Buzz Aldrin’s Apollo 11 inflight jacket soars to $2.7M
NEW YORK – On July 25 at Sotheby’s, Buzz Aldrin’s Apollo 11 inflight coverall jacket, worn during the historic 1969 mission to the moon and back, achieved $2,772,500 – making it the most valuable American space-flown artifact ever sold at auction, and the most valuable jacket sold at auction. The exceptionally rare garment was chased by multiple bidders for almost 10 minutes before selling to a bidder on the phone.
The sale of the jacket marks the only flown garment from the Apollo 11 mission available for private ownership. The practical elements of the jacket can be seen clearly, including reinforced holes in the upper torso through which the medical connections could pass. Buzz’s name “E. Aldrin” is also clearly printed above the Apollo 11 mission emblem with a flag of the United States emblazoned on the left shoulder; on the right lapel is the famous NASA logo known as the “meatball.”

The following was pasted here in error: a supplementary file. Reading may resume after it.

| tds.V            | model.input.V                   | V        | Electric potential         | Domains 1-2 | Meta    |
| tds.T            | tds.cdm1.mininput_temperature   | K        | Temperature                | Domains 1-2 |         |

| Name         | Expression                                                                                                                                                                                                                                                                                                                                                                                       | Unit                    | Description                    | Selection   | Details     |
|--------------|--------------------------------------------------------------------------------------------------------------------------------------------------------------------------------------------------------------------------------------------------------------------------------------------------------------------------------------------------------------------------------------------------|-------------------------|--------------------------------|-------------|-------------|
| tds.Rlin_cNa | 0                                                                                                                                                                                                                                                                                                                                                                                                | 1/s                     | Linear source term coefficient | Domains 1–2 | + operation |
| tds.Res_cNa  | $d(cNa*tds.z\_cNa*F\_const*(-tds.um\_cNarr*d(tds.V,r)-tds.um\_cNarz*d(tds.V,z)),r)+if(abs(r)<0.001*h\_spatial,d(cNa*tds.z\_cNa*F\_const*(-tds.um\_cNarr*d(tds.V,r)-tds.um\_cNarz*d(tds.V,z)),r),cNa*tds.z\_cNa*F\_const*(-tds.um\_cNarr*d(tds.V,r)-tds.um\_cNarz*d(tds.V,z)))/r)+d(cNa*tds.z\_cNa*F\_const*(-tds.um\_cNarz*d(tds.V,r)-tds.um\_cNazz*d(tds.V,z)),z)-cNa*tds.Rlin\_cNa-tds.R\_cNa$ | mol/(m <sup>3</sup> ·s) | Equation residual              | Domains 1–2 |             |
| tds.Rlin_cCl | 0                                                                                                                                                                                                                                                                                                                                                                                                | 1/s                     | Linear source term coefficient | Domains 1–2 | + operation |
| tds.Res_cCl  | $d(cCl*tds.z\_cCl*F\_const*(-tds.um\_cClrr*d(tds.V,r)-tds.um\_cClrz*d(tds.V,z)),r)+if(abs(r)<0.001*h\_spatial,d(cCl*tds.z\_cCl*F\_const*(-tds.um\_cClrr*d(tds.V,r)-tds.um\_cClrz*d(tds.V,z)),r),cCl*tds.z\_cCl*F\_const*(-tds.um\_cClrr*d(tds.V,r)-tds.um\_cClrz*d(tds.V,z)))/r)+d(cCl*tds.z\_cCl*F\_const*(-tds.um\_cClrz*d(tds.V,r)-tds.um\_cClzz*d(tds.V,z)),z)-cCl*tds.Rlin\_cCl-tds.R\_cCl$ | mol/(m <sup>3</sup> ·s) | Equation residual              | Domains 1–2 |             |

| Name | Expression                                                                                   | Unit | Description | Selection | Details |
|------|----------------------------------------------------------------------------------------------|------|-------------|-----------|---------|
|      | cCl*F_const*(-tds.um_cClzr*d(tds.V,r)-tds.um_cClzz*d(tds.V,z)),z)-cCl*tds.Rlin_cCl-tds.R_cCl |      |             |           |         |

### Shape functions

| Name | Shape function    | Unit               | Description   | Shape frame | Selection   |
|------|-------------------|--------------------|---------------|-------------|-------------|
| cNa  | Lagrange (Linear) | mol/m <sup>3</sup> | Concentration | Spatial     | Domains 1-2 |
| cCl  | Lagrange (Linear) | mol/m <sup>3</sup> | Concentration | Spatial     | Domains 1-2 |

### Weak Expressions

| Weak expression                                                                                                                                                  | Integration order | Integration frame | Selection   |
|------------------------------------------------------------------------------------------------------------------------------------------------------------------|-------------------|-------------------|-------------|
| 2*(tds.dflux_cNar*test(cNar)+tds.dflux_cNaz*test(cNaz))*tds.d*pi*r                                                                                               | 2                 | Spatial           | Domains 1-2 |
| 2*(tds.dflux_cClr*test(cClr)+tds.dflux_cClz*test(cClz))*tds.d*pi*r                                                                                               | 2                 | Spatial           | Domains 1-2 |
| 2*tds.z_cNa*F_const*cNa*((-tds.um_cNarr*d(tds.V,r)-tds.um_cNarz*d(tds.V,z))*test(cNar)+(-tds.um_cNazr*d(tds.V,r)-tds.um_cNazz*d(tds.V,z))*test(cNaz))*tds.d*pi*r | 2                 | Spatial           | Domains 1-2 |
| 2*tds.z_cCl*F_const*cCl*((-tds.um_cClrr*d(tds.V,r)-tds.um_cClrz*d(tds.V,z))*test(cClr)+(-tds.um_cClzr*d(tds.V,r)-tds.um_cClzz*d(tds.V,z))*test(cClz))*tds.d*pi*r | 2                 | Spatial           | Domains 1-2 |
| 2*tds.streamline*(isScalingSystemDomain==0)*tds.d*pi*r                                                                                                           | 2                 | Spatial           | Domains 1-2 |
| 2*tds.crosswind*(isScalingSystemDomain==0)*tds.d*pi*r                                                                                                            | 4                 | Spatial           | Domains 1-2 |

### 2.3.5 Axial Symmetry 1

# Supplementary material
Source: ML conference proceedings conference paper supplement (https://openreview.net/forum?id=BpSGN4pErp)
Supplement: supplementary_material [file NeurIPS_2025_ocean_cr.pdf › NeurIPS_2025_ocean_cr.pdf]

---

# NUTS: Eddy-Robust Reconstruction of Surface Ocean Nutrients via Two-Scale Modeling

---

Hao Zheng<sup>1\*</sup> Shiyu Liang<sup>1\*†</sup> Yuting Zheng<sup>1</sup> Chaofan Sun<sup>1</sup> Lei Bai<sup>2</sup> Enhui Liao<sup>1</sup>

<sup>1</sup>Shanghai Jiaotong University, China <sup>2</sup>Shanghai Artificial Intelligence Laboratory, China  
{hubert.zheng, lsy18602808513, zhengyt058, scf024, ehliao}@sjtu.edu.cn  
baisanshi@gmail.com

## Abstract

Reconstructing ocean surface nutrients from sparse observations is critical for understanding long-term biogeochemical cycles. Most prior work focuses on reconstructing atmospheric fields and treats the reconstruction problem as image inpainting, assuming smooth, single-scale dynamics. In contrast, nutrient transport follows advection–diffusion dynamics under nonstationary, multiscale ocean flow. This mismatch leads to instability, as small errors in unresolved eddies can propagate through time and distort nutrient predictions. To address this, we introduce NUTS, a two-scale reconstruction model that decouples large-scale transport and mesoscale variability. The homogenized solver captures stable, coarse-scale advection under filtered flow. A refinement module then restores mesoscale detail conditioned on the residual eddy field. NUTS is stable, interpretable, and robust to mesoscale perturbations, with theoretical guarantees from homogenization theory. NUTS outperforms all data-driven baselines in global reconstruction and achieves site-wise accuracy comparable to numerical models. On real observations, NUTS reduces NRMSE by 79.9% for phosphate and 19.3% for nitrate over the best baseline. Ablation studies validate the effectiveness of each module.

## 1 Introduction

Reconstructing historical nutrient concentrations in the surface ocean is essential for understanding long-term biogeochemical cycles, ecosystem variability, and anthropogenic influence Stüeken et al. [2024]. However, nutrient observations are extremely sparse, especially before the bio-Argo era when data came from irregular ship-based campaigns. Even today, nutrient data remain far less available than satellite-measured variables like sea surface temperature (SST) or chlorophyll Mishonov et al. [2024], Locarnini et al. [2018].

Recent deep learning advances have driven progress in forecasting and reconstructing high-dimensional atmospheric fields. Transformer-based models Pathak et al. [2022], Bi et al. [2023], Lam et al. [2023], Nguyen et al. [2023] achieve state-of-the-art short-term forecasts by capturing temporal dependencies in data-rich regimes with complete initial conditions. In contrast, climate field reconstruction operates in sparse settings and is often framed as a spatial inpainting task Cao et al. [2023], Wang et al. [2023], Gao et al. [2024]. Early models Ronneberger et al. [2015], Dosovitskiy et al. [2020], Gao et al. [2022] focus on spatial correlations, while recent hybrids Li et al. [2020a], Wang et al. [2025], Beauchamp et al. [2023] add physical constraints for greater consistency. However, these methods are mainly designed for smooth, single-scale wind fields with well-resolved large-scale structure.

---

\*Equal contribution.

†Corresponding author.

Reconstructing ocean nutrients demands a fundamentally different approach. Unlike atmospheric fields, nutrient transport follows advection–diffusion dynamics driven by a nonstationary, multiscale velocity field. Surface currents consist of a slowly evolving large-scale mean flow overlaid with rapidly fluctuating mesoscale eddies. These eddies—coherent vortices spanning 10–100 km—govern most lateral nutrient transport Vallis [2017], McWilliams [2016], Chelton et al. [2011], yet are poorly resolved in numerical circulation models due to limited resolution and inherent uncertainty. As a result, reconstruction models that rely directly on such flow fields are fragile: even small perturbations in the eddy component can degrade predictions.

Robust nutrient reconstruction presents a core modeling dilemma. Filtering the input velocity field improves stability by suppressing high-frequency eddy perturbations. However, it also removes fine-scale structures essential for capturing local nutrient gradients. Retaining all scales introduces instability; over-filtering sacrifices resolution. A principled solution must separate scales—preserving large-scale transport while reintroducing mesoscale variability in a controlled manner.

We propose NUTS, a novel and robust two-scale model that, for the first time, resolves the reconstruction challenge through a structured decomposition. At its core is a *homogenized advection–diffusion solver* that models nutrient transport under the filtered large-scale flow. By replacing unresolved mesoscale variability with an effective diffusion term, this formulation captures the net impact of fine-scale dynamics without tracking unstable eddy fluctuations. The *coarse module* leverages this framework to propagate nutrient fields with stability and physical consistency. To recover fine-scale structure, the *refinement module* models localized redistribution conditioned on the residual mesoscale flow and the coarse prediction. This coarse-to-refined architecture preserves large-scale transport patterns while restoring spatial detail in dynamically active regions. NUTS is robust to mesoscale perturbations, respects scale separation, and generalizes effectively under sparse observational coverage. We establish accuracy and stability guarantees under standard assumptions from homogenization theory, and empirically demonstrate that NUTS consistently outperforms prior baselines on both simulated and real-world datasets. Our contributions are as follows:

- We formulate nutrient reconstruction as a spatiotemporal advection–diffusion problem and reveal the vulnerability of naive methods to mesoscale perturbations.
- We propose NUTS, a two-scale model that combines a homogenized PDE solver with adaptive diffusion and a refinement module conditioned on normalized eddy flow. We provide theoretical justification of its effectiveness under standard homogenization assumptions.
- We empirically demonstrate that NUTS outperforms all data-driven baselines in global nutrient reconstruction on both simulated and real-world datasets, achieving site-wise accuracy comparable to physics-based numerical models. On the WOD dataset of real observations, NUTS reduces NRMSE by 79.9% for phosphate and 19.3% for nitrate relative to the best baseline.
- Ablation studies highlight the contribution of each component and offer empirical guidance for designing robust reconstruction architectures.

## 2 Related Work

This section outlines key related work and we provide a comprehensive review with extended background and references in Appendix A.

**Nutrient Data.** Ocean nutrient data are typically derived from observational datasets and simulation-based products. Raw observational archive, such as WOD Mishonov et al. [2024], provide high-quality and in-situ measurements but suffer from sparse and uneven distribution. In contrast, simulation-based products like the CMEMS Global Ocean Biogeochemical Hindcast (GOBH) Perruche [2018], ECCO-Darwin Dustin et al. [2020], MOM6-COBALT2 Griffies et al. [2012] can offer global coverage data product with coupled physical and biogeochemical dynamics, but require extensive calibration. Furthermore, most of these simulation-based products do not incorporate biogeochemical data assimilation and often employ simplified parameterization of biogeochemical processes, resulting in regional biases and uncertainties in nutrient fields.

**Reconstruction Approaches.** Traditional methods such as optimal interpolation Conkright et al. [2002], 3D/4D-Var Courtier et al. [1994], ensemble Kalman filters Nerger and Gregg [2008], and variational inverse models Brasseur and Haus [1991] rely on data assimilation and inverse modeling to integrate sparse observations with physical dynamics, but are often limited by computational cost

Until the tragic Apollo 1 fire in 1967, spacesuits and inflight gear were crafted from highly flammable materials, such as nylon. The fire triggered a review of the suit and inflight garments’ design, which resulted in modifications including the development of a new, fire-proof material known as Beta Cloth, a novel technology which was both fire-resistant and tough enough to help protect the astronauts from micrometeroid blasts while outside the spacecraft.